Creating a Psychologically Safe Space for Better Collaboration

GroupMap - Creating a psychologically safe space for better collaboration.

What is Psychological Safety?

Psychological safety is a term coined by Professor Amy C Edmondson of Harvard University. It describes a workplace environment free from interpersonal fear. It is an unspoken belief shared by the members of a group that theirs is a safe space in which they can take interpersonal risks.

As humans, we remain hard-wired with a fight or flight response. We assess every environment we encounter for risk. We pick up on even the smallest of cues, process them and decide if we’re in a safe place or we’re not. If we register we’re not safe, one of our two, pre-programmed reactions kick in. We find ourselves feeling we want to fight or flee.

We never stop assessing our environment. Even when we’re at work, we have our feelers out.

In a world of ergonomic furniture, fire drills and hand sanitizing stations, it’s easy to assume workplaces would be at the top of the safety list.  But our assessment goes beyond the physical. We gently register smiles, nods and responses. We pick up on eye rolls, sighs and silences. We tune into how our manager and colleagues interact. All to inform the level of risk we perceive to be aligned to our livelihood.

This process is because of our programming. It interprets ‘my job is safe’ as ‘I am safe’.  This is the feeling that’s at the core of psychological safety.

When you are working in a psychologically safe space, your feelers don’t register risk. This means your job receives your full focus. Not only that, the absence of fear means you experience a sense of confidence and trust. You feel you have permission to be both honest and candid. You sense that you can speak up and your voice is valued. This means you feel very comfortable sharing ideas, asking questions and offering comments. It is also a space in which you feel it’s ok to make mistakes.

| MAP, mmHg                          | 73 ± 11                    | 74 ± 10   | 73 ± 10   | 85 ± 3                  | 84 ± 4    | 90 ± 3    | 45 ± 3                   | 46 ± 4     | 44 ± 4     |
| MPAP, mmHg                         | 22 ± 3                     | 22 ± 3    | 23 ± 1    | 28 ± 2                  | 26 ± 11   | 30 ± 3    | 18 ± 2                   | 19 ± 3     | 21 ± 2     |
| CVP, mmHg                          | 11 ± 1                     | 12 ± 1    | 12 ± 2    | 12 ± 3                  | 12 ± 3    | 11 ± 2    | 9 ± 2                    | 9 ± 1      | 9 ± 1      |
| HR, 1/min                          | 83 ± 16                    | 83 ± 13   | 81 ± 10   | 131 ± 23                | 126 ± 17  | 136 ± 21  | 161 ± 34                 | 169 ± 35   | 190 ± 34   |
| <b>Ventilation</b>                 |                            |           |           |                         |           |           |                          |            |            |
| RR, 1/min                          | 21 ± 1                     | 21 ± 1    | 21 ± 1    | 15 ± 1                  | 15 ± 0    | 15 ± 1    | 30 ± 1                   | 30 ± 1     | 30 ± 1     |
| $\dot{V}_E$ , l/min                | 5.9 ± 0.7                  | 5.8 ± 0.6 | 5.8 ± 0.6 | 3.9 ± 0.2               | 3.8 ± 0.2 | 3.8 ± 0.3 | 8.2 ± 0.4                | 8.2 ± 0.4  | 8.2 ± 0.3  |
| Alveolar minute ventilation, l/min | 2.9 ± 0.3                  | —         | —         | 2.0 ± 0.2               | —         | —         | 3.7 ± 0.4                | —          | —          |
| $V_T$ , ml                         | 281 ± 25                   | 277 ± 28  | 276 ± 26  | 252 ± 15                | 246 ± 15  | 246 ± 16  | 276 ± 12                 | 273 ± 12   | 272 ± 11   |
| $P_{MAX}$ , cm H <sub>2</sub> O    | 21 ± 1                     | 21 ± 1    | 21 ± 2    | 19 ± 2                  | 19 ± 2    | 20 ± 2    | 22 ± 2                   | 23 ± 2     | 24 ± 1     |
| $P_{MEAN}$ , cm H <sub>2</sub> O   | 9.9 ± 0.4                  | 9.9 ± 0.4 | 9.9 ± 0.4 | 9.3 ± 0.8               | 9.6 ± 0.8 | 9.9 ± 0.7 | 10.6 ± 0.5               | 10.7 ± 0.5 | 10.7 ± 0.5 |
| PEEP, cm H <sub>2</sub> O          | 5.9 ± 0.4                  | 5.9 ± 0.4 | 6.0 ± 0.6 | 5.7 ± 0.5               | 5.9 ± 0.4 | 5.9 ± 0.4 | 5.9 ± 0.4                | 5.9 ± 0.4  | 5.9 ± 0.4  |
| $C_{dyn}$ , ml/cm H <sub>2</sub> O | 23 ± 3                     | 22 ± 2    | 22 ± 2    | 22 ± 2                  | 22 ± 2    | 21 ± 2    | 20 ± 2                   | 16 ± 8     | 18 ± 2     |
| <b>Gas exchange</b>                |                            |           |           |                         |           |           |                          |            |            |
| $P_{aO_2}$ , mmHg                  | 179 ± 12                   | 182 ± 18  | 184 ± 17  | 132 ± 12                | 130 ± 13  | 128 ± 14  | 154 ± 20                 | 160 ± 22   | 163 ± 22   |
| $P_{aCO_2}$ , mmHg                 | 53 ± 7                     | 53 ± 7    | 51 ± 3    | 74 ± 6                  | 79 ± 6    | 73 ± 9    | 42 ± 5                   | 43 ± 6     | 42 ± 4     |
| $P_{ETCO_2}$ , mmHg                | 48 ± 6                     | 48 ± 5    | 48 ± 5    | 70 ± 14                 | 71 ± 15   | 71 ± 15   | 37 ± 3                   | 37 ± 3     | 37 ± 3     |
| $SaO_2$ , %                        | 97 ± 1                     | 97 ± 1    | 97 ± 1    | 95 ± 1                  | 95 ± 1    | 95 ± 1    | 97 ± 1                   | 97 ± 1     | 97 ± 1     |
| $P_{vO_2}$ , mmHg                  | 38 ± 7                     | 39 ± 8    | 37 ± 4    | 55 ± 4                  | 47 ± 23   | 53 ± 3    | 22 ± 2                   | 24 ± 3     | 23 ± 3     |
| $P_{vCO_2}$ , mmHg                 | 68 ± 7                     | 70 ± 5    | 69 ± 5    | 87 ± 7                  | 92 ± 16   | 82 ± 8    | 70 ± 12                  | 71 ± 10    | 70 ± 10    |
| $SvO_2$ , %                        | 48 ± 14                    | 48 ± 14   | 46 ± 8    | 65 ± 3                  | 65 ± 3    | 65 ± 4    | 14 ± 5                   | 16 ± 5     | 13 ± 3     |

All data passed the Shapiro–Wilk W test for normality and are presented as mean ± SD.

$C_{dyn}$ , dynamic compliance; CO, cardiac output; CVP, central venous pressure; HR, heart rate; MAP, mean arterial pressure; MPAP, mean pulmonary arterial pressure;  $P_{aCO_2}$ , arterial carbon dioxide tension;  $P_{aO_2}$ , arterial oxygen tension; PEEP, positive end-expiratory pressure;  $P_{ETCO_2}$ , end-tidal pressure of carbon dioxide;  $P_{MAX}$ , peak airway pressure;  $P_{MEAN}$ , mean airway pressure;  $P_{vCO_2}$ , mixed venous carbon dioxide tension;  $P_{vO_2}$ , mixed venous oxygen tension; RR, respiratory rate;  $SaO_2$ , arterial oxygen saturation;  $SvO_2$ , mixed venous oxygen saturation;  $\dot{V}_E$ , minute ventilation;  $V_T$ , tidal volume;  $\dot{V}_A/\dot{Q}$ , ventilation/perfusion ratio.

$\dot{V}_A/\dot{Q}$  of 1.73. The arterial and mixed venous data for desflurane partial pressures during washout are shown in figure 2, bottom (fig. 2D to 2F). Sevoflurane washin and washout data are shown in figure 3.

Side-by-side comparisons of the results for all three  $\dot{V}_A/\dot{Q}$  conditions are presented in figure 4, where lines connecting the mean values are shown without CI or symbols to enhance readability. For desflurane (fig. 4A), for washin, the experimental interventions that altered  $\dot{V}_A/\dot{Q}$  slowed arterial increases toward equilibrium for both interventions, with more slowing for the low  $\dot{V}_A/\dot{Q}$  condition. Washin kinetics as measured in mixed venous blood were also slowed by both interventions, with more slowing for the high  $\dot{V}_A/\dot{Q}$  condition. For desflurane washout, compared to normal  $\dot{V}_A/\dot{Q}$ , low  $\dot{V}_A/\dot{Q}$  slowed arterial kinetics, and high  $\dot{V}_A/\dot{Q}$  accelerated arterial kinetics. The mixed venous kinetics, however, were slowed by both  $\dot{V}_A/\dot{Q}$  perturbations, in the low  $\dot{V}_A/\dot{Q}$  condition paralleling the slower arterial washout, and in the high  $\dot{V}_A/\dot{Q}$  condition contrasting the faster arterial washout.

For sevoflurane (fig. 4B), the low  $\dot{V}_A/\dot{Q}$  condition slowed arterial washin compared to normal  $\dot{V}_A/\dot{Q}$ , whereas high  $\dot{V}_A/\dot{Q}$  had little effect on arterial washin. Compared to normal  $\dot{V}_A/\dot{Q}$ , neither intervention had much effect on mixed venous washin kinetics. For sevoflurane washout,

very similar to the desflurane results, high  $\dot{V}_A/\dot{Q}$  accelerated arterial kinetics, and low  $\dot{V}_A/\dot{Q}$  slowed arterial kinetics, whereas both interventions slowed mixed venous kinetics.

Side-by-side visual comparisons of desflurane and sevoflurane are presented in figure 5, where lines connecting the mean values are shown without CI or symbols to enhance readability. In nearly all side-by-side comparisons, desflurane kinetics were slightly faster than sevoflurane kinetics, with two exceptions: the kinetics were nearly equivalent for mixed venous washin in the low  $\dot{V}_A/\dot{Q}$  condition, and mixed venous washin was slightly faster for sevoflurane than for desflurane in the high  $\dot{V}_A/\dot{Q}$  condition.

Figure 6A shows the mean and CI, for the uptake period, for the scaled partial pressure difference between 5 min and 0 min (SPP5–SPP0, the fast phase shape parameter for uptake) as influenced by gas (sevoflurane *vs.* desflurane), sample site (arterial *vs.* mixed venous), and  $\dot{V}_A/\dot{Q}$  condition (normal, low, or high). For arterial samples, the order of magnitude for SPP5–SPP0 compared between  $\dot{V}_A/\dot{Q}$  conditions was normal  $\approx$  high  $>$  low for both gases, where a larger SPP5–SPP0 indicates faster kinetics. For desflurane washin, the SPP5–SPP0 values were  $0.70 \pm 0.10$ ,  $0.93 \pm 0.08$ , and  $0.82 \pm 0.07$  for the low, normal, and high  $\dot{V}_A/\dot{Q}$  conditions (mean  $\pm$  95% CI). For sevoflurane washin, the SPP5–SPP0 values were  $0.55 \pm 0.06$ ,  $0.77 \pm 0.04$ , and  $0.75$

What Isn’t Psychological Safety?

Edmondson makes it clear that psychological safety isn’t a workplace goal. Rather, it is a means of reaching a goal.

A psychologically safe space isn’t –

  • one that lacks conflict. In fact, conversations in safe spaces can be quite direct, and very candid.
  • one where there’s blind celebration of all ideas. Instead, ideas in safe spaces are still explored and assessed.
  • one that lacks errors or failure. It’s a space in which people feel safe to take risks and experiment with different solutions.

Most importantly, psychological safety isn’t an excuse to slack off or say whatever you like. There is still an expectation people will act appropriately within the workplace. They will be thoughtful and considerate. They will be productive and professional.

Why is Psychological Safety Important?

Author Anthony Hood gives two reasons why psychological safety is important –

  1. Without psychological safety, people are afraid to speak up. When people are afraid to speak up, bad things happen.
  2. A psychologically safe space supports the bottom line.

A lack of psychological safety means fear is present. Fear impacts thinking and decision making. With fear driving our behavior, self preservation is our priority. This means, in a fearful moment, we overlook the bigger picture to protect ourselves. As a result, bad things happen. Those bad things can include planes flying into mountains or patients receiving the wrong treatment.

Psychological safety also supports the bottom line. As work becomes more complex with less resources, team success requires team members to step up. In doing so they are taking an interpersonal risk. When they suggest a better way forward, it will need to be defended when scrutinized. They are presenting themselves as having expertise, possibly greater than that of their peers and manager. They are not ‘going with the flow’. They are ‘rocking the boat’ for the sake of the team delivering value.

High-performing teams typically feel safe enough to take risks. They also care enough to do so.   Edmonson’s work reflected this when she examined the relationship between two dimensions –  psychological safety, and motivation and accountability

GroupMap_Edmondson’s psychological safety and motivation and accountability

Four zones were identified –

  • Learning and high-performing zone.